MK Dons v AFC Wimbledon: Stuart Murdoch's story

By Chris OsborneBBC East Sport
Stuart Murdoch

Stuart Murdoch had only one managerial job during his career; it lasted 29 months and started in Wimbledon and ended in Milton Keynes.

The metamorphosis of Wimbledon FC into MK Dons, complete by 2004, saw the demise of the Crazy Gang, provoked a hoard of disgruntled fans to perform numerous protests and spawned two new clubs - AFC Wimbledon and MK Dons.

AFC, created by former Wimbledon supporters, and MK face each other for the first time ever in the second round of the FA Cup on Sunday.

Despite having little to do with the move itself, Murdoch was the public face of the chaos.

He lost his job and never managed again, something he believes lies in his connection to the early days of MK Dons.

"I think I was blacklisted. You ask if I was thinking of quitting and moving - well I didn't have the opportunity to go anywhere," the 57-year-old told BBC East Sport from his home in south Spain.

"I was the face of that situation and was probably seen by other clubs and chairmen in that light. So in a way I was possibly unemployable. I didn't get the opportunity to manage again."

Murdoch did not set the world alight as a player and never broke into the professional ranks, but forged a career as a goalkeeping coach and claimed his first notable job as Watford's reserve team manager under Glenn Roeder in 1993.

He was something of an unknown quantity when he took charge of the Dons in June 2002 following a caretaker spell and found himself in the middle of a maelstrom triggered by the desire of the club's Norwegian owners to relocate.

Initially Dublin was proposed as a potential new home but, with that ruled out, by the end of the 2002-03 campaign it was destination Milton Keynes.

Wimbledon supporters, unsurprisingly, were unimpressed.

"We had all the fans making noises and demonstrating, saying they didn't want the club to move," recalled Murdoch.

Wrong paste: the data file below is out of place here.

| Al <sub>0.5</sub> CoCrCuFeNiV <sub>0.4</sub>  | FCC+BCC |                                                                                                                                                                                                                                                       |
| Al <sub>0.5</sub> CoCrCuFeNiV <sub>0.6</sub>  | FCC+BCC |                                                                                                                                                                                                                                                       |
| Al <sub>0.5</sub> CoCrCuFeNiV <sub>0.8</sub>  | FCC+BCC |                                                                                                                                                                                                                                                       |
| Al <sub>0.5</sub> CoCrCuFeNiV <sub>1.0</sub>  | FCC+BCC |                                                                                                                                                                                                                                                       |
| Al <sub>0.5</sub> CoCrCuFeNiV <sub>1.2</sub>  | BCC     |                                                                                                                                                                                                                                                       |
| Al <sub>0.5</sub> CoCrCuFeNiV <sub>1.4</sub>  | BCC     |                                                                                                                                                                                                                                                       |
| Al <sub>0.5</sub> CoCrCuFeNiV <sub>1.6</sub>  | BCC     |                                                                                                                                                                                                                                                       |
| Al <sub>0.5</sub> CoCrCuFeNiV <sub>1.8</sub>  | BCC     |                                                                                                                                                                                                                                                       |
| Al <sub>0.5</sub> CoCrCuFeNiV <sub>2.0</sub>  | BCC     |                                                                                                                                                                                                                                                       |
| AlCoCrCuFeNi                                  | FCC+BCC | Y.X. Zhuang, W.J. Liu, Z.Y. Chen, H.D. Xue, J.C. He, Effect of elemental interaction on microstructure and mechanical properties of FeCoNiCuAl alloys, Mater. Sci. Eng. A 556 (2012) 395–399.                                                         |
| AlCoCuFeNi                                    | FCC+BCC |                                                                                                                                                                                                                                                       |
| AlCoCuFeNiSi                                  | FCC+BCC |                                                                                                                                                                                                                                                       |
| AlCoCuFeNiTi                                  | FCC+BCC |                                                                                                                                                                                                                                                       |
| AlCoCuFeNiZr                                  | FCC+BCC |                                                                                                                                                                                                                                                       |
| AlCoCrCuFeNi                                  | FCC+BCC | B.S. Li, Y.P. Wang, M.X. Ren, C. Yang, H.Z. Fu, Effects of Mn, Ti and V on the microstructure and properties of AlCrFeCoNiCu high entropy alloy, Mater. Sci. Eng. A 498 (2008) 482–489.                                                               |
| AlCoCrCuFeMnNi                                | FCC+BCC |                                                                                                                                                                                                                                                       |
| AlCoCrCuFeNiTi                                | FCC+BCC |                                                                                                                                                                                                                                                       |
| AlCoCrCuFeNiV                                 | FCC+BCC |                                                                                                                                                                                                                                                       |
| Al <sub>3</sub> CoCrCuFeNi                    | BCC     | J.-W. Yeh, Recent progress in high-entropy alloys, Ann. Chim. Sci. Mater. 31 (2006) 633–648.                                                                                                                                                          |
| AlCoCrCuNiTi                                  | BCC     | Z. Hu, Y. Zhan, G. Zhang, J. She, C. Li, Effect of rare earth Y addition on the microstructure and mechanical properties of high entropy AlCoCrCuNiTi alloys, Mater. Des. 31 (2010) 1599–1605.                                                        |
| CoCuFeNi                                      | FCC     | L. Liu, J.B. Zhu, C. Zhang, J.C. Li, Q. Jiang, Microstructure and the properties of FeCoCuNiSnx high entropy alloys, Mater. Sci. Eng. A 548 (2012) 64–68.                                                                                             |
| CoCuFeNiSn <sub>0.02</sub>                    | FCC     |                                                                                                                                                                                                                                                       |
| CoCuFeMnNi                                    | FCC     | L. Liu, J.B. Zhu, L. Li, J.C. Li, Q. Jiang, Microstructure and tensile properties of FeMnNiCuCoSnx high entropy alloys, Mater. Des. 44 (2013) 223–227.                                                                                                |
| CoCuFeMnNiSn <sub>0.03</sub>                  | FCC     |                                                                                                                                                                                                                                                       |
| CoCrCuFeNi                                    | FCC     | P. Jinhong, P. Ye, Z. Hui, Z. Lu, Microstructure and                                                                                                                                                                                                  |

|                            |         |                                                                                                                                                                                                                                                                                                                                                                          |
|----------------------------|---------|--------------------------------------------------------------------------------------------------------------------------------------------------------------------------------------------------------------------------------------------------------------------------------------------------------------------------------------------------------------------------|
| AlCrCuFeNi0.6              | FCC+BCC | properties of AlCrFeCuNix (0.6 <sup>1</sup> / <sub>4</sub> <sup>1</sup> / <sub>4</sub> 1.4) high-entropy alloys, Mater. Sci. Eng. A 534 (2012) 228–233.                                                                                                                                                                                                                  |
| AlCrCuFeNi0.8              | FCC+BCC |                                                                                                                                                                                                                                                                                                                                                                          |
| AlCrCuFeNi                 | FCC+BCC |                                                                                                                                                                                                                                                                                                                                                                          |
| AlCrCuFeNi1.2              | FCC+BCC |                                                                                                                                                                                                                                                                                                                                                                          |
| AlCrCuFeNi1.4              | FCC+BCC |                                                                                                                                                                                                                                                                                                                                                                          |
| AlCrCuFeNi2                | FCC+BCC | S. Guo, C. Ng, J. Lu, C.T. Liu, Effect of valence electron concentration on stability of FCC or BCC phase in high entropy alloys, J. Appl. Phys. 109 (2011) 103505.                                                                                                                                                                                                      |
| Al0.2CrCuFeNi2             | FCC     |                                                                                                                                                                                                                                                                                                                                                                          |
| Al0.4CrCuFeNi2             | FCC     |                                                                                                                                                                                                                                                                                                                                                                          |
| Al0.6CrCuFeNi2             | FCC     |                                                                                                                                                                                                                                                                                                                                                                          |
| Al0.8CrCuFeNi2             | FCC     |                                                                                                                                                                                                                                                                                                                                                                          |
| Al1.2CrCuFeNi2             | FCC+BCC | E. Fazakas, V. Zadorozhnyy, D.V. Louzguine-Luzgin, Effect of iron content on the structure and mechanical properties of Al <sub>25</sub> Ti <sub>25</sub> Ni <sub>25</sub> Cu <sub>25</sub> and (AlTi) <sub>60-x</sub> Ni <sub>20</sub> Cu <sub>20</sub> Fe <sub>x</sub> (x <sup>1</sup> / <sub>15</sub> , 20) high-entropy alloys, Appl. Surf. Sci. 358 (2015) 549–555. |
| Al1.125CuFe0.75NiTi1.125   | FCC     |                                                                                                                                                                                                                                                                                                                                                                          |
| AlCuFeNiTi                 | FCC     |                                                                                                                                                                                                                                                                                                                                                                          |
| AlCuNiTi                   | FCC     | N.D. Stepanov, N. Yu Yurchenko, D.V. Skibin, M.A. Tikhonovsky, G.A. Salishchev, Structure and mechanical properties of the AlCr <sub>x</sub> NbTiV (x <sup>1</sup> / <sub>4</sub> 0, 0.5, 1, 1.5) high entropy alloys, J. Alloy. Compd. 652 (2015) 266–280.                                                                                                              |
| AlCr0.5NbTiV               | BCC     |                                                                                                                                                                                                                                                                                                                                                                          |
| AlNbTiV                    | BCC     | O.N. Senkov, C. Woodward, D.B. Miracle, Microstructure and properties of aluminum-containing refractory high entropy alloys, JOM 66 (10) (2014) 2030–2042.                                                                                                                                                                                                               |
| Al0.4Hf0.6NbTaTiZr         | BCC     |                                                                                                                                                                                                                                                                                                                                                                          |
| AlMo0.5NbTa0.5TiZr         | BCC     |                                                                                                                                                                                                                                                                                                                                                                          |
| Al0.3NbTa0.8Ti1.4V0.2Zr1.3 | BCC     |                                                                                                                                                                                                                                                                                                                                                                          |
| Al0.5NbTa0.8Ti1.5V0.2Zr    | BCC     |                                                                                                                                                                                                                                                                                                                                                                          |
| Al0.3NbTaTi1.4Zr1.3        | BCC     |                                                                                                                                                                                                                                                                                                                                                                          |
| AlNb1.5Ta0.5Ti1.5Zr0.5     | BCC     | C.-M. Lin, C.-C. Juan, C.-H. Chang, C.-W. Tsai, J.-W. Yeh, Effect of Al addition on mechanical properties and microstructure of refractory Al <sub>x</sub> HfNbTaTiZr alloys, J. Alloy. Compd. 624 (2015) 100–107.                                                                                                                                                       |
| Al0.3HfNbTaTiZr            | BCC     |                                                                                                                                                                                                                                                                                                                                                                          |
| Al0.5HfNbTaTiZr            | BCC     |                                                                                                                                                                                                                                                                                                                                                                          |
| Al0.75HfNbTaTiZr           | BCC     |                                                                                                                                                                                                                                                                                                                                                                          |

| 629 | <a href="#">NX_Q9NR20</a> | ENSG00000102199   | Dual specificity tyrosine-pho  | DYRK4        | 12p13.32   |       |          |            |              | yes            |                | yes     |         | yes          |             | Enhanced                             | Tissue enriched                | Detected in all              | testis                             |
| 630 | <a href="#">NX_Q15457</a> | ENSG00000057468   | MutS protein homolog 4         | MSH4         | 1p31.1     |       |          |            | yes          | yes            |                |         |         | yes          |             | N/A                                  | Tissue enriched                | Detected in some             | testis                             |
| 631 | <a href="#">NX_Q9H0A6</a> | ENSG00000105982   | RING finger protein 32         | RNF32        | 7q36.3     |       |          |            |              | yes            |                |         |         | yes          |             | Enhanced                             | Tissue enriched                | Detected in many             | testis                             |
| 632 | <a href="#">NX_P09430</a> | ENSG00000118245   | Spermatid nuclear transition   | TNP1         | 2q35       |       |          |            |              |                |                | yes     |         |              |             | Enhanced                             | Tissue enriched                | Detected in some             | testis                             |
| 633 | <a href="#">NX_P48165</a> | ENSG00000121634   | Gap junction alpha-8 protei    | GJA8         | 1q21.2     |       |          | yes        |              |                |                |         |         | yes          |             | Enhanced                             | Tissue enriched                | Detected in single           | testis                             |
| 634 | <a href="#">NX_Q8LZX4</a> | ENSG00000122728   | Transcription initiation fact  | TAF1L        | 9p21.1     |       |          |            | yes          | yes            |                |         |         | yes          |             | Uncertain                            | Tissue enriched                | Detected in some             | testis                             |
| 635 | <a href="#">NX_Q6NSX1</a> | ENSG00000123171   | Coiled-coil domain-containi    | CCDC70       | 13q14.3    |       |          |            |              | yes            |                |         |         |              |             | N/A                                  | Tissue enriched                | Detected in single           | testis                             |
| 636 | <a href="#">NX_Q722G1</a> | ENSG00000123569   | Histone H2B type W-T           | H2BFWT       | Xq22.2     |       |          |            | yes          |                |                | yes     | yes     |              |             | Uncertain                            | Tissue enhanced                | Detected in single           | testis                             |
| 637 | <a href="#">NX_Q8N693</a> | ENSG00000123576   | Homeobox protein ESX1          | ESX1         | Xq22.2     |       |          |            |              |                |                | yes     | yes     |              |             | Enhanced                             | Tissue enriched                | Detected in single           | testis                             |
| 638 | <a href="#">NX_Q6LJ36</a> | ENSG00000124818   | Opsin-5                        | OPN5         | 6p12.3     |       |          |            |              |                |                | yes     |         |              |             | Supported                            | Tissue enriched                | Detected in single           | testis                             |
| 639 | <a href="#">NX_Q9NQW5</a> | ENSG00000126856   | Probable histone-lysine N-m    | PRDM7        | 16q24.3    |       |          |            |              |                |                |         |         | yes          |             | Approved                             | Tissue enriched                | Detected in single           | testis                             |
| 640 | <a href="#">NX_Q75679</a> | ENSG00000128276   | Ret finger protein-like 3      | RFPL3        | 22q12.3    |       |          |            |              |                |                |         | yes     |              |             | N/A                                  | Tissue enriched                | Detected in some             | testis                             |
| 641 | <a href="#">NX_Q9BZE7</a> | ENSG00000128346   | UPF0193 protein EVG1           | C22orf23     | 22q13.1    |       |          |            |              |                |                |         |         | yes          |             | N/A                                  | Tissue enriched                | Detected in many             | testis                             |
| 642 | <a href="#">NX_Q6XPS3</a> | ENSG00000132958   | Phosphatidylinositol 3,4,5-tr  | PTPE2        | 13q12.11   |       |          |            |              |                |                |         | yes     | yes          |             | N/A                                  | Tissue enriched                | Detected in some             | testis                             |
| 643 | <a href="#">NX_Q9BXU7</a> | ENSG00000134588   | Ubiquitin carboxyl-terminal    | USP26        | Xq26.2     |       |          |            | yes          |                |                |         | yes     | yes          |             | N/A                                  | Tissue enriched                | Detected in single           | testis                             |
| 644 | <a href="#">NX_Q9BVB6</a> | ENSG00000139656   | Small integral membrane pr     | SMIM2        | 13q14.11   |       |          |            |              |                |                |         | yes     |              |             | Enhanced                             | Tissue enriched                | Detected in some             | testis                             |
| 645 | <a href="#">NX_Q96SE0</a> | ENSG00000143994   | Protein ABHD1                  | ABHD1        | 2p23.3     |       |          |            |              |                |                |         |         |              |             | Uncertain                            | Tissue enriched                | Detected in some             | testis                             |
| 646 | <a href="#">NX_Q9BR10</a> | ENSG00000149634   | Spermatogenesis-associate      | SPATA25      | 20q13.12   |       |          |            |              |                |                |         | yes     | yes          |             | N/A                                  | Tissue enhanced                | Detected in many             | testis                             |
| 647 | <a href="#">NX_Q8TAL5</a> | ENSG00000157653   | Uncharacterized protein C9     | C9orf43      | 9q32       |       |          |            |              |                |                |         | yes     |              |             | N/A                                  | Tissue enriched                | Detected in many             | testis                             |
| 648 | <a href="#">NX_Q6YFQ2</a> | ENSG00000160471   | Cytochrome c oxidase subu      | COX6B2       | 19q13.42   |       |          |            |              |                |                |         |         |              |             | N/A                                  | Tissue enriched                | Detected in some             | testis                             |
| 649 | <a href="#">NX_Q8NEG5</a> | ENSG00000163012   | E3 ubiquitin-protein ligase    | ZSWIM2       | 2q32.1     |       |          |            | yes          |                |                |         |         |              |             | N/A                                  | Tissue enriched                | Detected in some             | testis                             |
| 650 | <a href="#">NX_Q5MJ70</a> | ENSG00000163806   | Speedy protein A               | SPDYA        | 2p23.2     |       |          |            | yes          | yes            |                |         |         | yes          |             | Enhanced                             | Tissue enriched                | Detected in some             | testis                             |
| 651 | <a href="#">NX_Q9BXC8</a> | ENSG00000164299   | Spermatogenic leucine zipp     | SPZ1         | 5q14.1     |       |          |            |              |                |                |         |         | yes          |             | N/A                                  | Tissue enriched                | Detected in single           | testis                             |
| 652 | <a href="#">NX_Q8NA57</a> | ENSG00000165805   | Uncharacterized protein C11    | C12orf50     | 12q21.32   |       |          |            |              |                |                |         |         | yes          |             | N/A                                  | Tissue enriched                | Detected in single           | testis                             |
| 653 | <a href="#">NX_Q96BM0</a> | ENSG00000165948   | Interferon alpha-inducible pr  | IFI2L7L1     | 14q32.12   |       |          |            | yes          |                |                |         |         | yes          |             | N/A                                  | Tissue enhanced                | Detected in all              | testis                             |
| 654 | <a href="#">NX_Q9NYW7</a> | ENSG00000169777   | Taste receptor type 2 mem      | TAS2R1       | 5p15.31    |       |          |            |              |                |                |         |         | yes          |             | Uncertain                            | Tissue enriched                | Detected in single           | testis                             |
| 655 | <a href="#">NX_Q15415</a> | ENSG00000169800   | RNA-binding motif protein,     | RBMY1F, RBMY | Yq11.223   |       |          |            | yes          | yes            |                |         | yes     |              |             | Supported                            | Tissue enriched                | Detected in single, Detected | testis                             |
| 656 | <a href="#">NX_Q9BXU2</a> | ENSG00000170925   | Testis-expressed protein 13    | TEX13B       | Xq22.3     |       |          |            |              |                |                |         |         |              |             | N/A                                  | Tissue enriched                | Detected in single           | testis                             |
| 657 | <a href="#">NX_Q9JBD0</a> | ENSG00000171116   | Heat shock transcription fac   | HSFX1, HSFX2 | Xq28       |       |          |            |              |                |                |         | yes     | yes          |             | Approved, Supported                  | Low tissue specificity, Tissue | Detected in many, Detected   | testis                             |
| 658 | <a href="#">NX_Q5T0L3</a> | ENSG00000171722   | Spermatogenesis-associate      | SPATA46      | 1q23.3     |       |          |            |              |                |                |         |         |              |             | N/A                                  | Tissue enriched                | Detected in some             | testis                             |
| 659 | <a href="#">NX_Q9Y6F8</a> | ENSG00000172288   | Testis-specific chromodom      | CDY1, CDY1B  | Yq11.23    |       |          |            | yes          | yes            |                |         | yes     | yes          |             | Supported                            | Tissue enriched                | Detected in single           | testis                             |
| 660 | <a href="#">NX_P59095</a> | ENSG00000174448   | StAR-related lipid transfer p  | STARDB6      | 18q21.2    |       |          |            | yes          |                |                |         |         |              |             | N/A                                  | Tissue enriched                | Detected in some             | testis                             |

"I remember Mikele Leigertwood made his debut in a game where the fans decided they would turn their back on the game in a particular minute and look in the opposite direction.

"That was when this poor lad was making his debut, so I don't know how he felt about that.

"Part of me understood them. The other part of me was disappointed that the players were working their socks off and not getting the recognition they deserved.

"I know the fans wouldn't like to hear this but we took it on as a bit of the old Wimbledon spirit. We had to treat it like the old Wimbledon would - everybody hates us and we'll just get on with it.

"But the ridiculous thing was it was our own supporters who were hating us."

By May 2003 Murdoch had led the Dons to a respectable 10th-place finish in what is now the Championship.

But the club, who had been groundsharing with Crystal Palace for 13 years, were falling apart and by June that year the Norwegian owners had "jumped ship", as Murdoch puts it, and they were in administration.

Murdoch was facing a new season with fans boycotting games in protest of the impending move and with key players, including Nigel Reo-Coker, Jobi McAnuff, Neil Shipperley, David Connolly and Leigertwood, leaving in a desperate attempt to raise funds.

While Murdoch was taking the brunt of supporters' dissent at the time, it was music executive and eventual chairman Pete Winkelman who would go on to become the man Wimbledon fans would truly hate.

Winkelman pulled all the strings in the move and has admitted regret about the manner in which he dislodged Wimbledon FC from south-west London and planted them among the identikit warehouses and retail parks in Milton Keynes.